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One Food You Should Never Eat if You Have Chronic Inflammation

Amidst the visible signs of inflammation, lurks a hidden adversary—silent, insidious, and elusive. ( “Inflammation is a physiological process involved in the defense of our body and the repair of tissues,” elucidates Jenna Stangland, RD, a Momentous advisor. (

Its triggers are manifold, from infections to trauma, toxins, or allergic reactions, sometimes festering into chronic afflictions within muscles and tissues. Yet, the peril of chronic inflammation looms large, as Stangland warns, “Chronic inflammation can end up stimulating the development of cardiovascular diseases, autoimmune disease, neurological disease, or cancer.”

It’s a relentless foe, often persisting for months beyond the body’s capacity to quell it.

Amidst this battleground, diet emerges as a crucial weapon—a shield against the ravages of chronic inflammation and the diseases it spawns. Michelle Routhenstein, MS, RD, CDCES, CDN, a preventive cardiology dietitian at, underscores the pivotal role of diet, stating, “Diet plays a significant role in inflammation, as certain foods can either promote or reduce inflammation in the body.”

Among the culprits to avoid, fried foods take center stage, their trans fat content exacerbating metabolic diseases like diabetes, fueling the flames of inflammation. Marie Spano, MS, RD, CSCS, CSSD, a Dymatize nutrition consultant, sheds light on the process, revealing, “Heating fatty foods at high temperatures can increase the production of trans fats,” while also triggering the production of compounds like advanced glycation end (AGEs), which fan the flames of oxidative stress and inflammation. (

But amidst the admonitions against deep-fried indulgences, a beacon of hope emerges—a slow cooker, an ally in the quest for healthier cooking methods. Spano advocates for its embrace, urging, “I recommend food that is cooked in a slow cooker at a lower temperature for longer cooking times.”

It’s a small change with monumental implications, offering not just healthier meals but also a convenient solution for the time-strapped. (

Yet, the battlefield extends beyond the fryer, encompassing the aisles of supermarkets and the shelves of pantries. Stangland warns against the insidious allure of added sugars, lurking in sugary snacks and processed foods, their consumption linked to a litany of health woes, from obesity to diabetes and cardiovascular disease.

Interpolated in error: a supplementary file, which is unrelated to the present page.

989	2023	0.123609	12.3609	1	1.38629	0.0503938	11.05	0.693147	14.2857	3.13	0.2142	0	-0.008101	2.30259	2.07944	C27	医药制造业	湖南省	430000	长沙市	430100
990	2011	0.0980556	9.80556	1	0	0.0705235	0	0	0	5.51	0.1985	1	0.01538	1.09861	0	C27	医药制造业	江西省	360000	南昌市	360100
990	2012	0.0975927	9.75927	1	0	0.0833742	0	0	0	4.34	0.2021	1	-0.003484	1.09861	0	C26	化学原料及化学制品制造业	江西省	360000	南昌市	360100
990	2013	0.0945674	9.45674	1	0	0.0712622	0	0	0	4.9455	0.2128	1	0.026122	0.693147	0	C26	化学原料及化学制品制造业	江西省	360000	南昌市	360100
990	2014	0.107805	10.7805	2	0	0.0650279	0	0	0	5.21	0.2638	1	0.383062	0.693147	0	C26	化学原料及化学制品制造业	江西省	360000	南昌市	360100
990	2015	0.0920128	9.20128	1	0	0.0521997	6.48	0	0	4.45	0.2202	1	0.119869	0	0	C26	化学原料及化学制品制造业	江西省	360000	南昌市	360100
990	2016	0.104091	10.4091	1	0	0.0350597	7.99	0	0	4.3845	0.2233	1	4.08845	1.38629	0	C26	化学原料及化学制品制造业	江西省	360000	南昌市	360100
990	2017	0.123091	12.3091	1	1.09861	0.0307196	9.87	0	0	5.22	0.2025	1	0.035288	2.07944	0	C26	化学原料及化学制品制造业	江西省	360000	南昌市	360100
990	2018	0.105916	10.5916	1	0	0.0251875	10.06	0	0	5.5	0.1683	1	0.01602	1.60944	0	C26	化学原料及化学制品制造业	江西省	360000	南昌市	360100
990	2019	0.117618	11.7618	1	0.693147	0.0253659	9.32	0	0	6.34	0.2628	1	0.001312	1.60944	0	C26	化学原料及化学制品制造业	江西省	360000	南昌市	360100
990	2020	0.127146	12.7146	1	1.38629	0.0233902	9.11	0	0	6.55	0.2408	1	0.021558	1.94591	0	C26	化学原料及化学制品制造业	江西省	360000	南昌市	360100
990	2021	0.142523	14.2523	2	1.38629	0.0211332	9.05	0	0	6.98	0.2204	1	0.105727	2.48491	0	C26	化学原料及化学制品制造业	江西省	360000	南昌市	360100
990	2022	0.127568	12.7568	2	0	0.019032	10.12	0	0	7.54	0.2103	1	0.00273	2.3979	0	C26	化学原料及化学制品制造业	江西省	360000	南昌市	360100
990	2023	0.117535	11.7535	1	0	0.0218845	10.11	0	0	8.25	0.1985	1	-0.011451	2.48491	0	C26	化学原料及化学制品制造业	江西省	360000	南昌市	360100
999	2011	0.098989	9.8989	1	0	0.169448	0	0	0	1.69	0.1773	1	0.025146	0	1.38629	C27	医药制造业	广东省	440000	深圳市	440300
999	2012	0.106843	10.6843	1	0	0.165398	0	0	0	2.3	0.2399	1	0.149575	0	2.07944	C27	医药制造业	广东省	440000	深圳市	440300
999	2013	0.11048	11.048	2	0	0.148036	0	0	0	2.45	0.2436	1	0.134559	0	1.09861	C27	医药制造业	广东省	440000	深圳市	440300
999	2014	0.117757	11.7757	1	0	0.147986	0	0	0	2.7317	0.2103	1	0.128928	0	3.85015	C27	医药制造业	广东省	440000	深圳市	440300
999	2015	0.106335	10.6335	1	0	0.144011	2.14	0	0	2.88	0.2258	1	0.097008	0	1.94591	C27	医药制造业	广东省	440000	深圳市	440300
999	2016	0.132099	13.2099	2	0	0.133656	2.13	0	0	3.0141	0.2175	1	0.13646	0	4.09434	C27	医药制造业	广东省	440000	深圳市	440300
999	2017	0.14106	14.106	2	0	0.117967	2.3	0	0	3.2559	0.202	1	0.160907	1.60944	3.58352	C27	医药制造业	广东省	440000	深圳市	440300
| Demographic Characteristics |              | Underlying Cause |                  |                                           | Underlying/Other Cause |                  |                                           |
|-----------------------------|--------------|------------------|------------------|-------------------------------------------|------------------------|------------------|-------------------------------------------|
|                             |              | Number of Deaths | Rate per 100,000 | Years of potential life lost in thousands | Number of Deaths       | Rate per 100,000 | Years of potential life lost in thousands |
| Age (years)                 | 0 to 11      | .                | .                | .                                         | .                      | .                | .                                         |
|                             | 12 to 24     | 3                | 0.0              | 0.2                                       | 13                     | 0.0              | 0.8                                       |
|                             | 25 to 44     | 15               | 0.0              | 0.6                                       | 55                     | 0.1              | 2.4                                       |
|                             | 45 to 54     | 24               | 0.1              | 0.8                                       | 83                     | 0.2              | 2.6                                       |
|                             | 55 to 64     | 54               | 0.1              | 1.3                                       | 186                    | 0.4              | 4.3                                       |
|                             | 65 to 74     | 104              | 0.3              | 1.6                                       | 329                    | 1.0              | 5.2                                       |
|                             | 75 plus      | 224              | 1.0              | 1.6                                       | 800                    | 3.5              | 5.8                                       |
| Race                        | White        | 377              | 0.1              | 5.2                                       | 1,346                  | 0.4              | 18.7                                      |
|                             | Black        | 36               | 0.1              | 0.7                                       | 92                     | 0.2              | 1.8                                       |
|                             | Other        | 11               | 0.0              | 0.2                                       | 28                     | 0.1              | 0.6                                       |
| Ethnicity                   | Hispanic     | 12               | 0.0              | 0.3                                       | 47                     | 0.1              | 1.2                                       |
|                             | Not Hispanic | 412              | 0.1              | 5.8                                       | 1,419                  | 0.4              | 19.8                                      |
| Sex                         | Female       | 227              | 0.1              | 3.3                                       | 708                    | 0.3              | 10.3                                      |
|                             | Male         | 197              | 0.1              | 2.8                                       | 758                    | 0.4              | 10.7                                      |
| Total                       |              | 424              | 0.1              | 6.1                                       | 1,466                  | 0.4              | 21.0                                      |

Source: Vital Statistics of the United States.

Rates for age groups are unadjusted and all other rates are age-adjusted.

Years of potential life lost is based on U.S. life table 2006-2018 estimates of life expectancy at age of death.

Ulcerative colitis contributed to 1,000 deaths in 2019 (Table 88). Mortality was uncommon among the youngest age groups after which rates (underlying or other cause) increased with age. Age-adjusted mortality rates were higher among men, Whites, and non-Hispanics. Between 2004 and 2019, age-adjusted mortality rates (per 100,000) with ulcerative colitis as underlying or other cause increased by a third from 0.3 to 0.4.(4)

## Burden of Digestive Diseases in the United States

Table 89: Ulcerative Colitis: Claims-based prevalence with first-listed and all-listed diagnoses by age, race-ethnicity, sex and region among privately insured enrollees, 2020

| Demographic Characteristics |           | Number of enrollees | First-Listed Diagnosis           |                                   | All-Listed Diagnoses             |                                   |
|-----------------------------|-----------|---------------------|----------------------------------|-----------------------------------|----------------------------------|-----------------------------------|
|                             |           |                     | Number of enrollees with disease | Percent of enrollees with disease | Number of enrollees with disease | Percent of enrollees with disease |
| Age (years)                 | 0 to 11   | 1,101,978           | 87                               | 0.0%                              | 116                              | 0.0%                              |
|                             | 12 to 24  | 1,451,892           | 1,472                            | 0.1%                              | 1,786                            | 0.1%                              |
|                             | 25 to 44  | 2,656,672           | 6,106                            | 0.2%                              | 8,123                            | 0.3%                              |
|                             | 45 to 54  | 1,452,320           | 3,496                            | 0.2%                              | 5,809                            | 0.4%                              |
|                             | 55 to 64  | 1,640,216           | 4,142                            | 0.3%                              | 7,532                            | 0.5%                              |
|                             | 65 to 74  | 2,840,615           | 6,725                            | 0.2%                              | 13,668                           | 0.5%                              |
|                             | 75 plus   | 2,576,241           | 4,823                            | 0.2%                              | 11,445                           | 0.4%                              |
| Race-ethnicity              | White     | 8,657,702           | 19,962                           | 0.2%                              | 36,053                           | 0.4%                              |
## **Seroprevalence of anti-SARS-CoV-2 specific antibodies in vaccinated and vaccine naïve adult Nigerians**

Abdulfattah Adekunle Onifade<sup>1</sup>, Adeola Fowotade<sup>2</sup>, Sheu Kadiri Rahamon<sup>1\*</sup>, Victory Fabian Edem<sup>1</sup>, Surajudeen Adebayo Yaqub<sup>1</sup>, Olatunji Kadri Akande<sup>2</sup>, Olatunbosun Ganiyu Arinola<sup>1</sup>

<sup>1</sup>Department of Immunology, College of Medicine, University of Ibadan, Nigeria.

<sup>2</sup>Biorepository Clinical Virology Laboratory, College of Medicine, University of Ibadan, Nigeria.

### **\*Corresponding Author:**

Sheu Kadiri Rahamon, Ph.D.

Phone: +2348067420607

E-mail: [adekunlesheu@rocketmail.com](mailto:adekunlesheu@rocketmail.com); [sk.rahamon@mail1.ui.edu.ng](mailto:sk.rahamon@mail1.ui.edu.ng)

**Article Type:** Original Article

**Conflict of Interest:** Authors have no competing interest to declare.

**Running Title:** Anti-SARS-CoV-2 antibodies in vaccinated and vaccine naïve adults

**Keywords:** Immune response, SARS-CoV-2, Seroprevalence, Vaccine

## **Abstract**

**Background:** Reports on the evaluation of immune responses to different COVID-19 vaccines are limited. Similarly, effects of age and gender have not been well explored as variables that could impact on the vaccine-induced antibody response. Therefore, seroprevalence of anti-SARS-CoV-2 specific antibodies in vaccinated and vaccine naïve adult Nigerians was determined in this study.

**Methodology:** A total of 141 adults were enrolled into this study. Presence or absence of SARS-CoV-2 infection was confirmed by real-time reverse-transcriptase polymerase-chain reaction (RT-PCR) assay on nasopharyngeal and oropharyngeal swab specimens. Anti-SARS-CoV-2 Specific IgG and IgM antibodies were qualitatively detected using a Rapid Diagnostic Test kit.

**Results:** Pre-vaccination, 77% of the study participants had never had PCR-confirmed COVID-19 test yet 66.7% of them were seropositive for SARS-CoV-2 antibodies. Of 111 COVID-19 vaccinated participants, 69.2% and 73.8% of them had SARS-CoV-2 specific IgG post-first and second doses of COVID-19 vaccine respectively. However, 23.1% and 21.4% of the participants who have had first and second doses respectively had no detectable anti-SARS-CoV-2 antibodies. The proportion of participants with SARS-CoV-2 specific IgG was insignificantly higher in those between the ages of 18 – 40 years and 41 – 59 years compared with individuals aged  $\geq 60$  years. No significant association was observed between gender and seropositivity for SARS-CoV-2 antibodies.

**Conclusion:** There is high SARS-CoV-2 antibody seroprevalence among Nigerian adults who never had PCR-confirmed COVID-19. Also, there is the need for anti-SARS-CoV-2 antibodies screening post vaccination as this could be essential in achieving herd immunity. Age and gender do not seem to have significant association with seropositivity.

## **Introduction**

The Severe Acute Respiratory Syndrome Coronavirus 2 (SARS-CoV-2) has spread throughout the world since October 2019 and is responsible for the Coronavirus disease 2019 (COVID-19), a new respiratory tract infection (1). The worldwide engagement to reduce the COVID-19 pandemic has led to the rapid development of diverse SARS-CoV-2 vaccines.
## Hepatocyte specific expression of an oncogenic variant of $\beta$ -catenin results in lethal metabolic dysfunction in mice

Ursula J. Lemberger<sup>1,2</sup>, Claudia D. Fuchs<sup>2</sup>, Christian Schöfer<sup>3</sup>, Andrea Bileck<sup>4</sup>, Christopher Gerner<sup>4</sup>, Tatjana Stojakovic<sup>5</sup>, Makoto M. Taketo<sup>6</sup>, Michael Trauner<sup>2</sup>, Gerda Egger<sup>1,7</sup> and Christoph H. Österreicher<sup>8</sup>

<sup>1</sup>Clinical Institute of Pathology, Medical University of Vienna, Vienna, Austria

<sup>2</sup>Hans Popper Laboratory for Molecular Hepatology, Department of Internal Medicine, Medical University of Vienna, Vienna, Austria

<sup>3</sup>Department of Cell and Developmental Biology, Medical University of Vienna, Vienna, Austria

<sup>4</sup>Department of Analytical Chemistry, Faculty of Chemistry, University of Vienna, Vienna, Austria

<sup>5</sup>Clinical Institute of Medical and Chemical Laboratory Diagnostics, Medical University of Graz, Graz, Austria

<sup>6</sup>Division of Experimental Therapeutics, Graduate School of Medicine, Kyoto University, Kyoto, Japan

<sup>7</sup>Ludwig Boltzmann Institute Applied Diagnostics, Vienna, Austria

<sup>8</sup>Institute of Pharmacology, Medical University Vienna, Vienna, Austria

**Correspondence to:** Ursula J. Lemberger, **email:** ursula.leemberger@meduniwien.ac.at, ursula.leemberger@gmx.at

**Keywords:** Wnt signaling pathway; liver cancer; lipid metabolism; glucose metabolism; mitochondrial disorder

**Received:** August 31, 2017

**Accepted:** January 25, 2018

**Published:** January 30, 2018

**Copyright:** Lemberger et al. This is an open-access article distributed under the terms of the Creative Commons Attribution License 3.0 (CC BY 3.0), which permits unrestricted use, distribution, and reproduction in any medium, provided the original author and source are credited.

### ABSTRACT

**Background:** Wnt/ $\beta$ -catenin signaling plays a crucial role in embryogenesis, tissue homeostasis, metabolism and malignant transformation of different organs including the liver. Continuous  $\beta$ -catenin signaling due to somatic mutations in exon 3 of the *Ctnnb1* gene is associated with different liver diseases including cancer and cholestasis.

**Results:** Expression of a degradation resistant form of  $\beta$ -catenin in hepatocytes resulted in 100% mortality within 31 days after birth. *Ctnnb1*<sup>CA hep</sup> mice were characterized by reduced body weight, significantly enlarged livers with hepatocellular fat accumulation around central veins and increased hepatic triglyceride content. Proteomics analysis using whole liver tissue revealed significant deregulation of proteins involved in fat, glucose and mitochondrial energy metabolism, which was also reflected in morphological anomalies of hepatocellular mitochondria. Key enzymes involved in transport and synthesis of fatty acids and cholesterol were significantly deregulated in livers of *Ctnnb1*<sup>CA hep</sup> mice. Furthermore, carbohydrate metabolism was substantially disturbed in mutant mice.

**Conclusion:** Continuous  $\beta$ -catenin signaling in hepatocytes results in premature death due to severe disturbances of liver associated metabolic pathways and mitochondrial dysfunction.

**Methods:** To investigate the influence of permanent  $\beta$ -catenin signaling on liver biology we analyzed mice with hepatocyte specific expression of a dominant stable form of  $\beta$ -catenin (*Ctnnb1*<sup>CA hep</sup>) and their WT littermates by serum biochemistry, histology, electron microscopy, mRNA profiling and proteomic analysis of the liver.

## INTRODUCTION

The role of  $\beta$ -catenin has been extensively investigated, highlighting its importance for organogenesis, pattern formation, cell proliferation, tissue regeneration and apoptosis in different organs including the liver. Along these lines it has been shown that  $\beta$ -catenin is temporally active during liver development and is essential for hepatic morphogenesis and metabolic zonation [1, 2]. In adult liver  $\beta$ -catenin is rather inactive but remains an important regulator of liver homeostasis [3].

But amidst the admonitions lies a ray of hope—a call to embrace whole foods, to savor the sweetness of nature untainted by added sugars.

The battle against inflammation rages on, with red meat emerging as a formidable adversary, its consumption linked to elevated levels of pro-inflammatory biomarkers. Stangland cautions against its consistent indulgence, urging moderation in its consumption.

It’s a plea echoed by research, with a systemic review and meta-analysis underscoring the link between red meat intake and heightened inflammation.

As the skirmish unfolds, carbohydrates emerge as a double-edged sword—critical for fueling our bodies yet capable of stoking the fires of inflammation when refined. Routhenstein advocates for a shift towards whole grains, urging the adoption of brown rice and whole wheat bread in lieu of their refined counterparts.

But amidst the sea of “don’ts,” a beacon of hope emerges—a clarion call to embrace nutrient-rich diets teeming with fruits, vegetables, whole grains, lean proteins, and omega-3 fatty acids. Routhenstein extols the virtues of these dietary heroes, lauding their anti-inflammatory properties and their role in safeguarding overall health.

Yet, in this labyrinth of dietary choices, guidance becomes paramount. Stangland extends a lifeline, urging those grappling with chronic inflammation to seek the counsel of registered dietitians, who can offer personalized recommendations to navigate the tumultuous waters of dietary choices.

It’s a reminder that amidst the chaos, there exists a path to healing, a beacon of hope for those grappling with the silent scourge of chronic inflammation.

John W.

I'm an author & heretical historian with a passion for hidden history and love to write about politics.
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